For anyone interested, here is the link to my discussion with Prof Steve Keen on Jim Mora’s show on Radio New Zealand yesterday morning. Despite the RNZ headline, the trans-Tasman travel “bubble” idea wasn’t any sort of focus, although Keen and I have quite different views on the issue beyond the very short-term. The thrust of my policy prescription post-Covid is outward to the entire world as much as we can, on the basis that there is no credible alternative path to a more productive and prosperous future. Keen, by contrast, favours a future in which New Zealand and Australia together trade as little as possible with the rest of the world. It seemed like a pretty bleak future to me, but at least he was honest enough to acknowledge that his preferrred path is one in which as nations we would be materially poorer in future, for the environment.
Sadly, the discussion did not get to Keen’s “modern debt jubilee” proposal that I discussed in a post last week.
The Small States and the New Security Environment (SSANSE) project is a collaboration of university researchers in a number of countries, including (in New Zealand) Canterbury University’s Anne-Marie Brady. Here in New Zealand, the initiative seems to encourage research and debate on a wider range of issues than the programme title itself might imply, and they have a page of contributions on a range of policy issues from quite a range of authors, under the heading “Pop-up Think Tank“. Anne-Marie has launched what she calls a Commission for a Post-Covid Future, and invited various people to contribute short papers.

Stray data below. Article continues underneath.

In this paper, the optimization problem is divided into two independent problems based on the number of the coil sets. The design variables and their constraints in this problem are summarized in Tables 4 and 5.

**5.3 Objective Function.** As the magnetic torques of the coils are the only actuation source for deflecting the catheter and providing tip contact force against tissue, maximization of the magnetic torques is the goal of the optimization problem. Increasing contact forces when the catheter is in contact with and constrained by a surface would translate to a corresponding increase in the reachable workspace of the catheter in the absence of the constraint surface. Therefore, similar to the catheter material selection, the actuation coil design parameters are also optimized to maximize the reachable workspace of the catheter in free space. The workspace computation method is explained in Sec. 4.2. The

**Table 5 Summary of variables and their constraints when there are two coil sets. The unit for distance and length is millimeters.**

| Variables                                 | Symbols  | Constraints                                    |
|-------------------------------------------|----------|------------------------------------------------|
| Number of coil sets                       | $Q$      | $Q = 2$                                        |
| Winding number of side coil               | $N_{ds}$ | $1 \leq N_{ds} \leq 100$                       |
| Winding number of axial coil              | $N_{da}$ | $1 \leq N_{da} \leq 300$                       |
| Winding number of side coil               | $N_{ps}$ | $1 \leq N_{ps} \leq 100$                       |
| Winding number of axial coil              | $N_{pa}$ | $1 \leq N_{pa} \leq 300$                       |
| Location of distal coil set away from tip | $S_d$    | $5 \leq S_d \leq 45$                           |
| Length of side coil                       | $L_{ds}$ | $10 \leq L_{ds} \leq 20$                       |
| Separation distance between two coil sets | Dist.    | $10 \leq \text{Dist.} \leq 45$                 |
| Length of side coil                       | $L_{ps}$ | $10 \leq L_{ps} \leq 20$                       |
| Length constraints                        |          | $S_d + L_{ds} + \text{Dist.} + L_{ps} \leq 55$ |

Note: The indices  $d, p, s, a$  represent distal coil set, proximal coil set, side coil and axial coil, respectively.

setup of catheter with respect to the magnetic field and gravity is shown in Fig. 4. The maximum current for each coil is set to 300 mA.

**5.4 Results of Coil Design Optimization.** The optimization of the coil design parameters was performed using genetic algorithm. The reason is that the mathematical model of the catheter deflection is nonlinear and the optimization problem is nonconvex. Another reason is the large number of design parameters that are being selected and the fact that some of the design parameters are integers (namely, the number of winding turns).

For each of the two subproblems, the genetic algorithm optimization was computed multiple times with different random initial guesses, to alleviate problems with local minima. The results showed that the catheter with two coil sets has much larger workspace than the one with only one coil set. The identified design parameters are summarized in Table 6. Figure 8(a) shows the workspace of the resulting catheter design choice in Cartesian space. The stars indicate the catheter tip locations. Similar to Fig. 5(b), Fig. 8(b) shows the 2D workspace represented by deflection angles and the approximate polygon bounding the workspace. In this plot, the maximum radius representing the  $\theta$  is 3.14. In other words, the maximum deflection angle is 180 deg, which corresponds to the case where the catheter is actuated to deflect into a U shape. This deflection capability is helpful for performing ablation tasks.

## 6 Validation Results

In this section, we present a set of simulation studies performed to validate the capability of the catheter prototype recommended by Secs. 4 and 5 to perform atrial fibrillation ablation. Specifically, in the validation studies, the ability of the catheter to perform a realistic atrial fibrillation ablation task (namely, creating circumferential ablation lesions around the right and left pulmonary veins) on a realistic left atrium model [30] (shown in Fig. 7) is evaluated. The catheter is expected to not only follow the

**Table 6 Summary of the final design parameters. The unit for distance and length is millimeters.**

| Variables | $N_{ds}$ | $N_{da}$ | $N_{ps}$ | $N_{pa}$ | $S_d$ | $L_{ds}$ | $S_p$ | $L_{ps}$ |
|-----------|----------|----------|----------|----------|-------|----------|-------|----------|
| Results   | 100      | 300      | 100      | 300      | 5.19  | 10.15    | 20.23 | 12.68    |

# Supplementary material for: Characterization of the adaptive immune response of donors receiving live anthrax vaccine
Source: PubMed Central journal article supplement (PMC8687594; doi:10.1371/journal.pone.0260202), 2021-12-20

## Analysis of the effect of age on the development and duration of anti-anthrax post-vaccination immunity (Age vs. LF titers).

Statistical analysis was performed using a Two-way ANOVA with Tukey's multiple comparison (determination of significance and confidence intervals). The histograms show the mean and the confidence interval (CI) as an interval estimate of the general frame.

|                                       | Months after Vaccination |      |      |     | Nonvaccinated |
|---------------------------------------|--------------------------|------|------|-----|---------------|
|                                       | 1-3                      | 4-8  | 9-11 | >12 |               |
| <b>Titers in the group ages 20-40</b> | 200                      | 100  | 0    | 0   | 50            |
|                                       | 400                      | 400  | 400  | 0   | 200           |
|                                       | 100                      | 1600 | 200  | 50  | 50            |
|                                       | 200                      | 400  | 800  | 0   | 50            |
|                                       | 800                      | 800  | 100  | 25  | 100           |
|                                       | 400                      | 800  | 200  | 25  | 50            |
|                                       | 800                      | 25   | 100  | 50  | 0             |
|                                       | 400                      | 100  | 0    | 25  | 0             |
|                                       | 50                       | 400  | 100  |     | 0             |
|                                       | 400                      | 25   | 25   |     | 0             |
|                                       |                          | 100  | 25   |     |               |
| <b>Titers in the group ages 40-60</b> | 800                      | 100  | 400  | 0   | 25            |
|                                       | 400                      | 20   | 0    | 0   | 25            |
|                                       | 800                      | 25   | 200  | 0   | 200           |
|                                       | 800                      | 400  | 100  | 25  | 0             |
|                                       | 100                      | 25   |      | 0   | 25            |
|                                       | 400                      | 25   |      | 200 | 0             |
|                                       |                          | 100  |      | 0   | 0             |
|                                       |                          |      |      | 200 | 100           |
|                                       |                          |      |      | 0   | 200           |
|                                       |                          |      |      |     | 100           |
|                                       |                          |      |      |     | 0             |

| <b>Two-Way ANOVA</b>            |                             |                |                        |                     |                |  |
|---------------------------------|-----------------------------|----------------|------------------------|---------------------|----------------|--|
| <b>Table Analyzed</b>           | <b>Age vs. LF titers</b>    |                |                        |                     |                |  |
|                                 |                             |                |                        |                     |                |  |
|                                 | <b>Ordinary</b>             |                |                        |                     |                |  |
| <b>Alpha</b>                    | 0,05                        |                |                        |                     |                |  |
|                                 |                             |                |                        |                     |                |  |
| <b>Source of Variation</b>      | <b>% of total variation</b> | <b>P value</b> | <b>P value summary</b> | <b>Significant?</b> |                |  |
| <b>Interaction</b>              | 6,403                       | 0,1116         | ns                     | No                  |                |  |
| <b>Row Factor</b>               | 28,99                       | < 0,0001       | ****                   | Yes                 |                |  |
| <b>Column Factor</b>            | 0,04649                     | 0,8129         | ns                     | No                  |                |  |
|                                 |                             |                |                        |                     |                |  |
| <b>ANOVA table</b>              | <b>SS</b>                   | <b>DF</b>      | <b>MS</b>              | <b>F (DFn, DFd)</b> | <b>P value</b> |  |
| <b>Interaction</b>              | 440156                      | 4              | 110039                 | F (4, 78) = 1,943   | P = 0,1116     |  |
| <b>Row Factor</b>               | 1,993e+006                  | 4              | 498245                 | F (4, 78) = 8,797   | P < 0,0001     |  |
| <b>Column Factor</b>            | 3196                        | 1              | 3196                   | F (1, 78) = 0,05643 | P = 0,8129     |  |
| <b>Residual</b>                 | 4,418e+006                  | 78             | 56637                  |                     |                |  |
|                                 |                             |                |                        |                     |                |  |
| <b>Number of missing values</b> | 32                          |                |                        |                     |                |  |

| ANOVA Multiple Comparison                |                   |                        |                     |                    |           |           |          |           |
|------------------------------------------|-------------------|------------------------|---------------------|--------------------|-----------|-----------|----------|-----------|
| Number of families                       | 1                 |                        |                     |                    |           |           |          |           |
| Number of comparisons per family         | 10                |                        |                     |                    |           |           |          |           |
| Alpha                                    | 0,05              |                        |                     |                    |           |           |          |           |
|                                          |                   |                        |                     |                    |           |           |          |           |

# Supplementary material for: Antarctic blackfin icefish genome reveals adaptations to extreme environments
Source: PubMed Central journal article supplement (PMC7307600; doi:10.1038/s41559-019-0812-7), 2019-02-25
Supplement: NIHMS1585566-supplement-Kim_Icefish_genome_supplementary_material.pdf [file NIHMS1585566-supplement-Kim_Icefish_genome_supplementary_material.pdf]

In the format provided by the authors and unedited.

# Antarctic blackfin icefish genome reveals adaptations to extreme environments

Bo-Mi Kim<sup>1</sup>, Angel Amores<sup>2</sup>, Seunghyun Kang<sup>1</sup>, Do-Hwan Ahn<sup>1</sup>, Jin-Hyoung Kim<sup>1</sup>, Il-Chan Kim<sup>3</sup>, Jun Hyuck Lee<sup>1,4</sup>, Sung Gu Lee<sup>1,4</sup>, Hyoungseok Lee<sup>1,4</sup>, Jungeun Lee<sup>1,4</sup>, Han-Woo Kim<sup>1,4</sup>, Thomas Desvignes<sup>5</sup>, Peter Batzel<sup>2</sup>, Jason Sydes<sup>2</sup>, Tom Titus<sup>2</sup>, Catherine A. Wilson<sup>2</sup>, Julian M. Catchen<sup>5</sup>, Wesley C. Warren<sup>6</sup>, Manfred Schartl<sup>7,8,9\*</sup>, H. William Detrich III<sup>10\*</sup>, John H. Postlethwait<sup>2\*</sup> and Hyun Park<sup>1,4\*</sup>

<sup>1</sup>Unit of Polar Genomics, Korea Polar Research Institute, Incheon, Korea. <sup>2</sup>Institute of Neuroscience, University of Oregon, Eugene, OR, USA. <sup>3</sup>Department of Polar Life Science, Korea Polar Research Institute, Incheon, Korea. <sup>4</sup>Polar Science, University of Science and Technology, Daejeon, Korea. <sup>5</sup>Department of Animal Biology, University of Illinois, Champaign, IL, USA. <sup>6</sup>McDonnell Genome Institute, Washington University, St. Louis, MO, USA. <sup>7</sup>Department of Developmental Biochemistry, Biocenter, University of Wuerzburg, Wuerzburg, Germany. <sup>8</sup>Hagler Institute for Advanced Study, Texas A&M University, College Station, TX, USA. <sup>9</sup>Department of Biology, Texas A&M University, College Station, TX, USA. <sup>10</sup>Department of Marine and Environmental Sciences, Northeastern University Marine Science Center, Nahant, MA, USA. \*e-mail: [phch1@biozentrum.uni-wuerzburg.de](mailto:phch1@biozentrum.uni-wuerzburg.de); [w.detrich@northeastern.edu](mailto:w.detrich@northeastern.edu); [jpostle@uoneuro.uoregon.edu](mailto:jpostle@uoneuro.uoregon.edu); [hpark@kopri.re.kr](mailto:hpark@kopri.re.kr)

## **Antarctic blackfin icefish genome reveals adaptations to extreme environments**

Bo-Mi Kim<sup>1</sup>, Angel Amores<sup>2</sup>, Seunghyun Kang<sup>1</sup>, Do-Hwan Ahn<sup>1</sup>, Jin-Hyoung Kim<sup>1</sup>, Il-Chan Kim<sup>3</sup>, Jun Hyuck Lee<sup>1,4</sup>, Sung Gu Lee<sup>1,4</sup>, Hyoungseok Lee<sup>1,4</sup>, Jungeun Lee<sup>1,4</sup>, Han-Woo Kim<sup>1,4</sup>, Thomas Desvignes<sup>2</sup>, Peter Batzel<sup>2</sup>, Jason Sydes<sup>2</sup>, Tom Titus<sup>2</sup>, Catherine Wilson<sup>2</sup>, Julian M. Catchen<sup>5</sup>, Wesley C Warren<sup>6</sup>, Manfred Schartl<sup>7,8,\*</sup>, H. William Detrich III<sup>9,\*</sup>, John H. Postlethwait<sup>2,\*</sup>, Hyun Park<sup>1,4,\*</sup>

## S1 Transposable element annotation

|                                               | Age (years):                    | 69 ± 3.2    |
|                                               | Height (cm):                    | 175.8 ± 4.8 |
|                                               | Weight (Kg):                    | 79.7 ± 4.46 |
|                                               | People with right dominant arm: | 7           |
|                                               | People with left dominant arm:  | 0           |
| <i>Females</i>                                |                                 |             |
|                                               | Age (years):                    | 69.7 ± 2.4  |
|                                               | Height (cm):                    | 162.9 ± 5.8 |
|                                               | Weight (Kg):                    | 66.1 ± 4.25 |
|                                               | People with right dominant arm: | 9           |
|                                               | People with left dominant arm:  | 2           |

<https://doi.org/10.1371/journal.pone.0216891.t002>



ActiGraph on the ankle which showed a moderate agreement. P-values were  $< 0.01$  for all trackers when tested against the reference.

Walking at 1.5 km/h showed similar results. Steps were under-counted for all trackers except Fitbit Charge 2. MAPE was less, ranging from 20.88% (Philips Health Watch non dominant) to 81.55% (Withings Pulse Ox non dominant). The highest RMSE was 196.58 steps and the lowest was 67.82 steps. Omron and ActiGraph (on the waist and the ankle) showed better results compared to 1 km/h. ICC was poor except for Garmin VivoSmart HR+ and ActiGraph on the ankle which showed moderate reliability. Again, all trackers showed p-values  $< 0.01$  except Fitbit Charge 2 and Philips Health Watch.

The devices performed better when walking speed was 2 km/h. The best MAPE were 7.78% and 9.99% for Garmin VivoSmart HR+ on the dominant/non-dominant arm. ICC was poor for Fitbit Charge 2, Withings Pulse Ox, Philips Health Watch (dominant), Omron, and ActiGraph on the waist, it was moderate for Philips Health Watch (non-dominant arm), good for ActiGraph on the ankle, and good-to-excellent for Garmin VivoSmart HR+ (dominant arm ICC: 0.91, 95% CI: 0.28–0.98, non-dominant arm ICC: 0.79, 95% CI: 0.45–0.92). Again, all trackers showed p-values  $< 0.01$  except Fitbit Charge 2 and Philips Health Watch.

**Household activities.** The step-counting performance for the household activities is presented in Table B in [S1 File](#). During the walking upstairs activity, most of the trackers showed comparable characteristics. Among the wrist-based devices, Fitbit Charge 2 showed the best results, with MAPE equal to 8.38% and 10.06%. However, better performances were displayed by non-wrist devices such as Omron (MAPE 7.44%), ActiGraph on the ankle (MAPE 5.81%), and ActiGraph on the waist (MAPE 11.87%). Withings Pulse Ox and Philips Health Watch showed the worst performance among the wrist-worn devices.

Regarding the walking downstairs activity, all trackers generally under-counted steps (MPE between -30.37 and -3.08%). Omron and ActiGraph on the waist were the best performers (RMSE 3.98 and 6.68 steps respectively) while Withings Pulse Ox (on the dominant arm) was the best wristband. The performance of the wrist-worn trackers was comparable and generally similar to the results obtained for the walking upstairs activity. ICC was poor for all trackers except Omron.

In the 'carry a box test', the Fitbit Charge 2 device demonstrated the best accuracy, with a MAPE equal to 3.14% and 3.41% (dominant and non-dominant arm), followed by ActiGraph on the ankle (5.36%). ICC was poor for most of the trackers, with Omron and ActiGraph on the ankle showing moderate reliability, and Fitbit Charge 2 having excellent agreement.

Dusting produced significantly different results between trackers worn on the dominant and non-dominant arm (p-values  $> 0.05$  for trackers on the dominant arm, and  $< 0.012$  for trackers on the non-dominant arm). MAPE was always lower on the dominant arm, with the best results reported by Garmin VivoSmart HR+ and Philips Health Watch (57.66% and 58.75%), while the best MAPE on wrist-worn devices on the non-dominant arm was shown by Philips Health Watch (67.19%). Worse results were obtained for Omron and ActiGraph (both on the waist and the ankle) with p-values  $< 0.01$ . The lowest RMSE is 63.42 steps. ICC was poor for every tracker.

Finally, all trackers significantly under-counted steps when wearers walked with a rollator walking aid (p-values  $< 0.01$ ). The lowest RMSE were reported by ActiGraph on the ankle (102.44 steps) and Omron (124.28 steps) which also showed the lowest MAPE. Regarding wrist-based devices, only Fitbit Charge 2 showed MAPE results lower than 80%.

As her tweet says, mine is apparently the first such paper to be released, in an abbreviated form on The Spinoff this morning. (The fuller version should eventually be on the SSANSE site, but here it is as well
(UPDATE: More nicely formatted on the SSANSE site here)
From the first page
and from the body
Macro policy has a big part in getting back to full employment
And longer-term, there are bits my friends from the market-oriented right will like
and a bit many of them will deplore
ending this way
For anyone doubting that “we haven’t done well” bit in the last few lines, I refer you to the charts in my post on Saturday.
Oh, and the allusion to the once-upon-a-time campaign promise to “restore New Zealand’s shattered economy” was conscious and deliberate. They had good intentions too, even did some useful reforms, but they wouldn’t embrace the outward-oriented market-led approach that the situation really demanded. In many respects, our starting position now is quite a bit worse than it was then.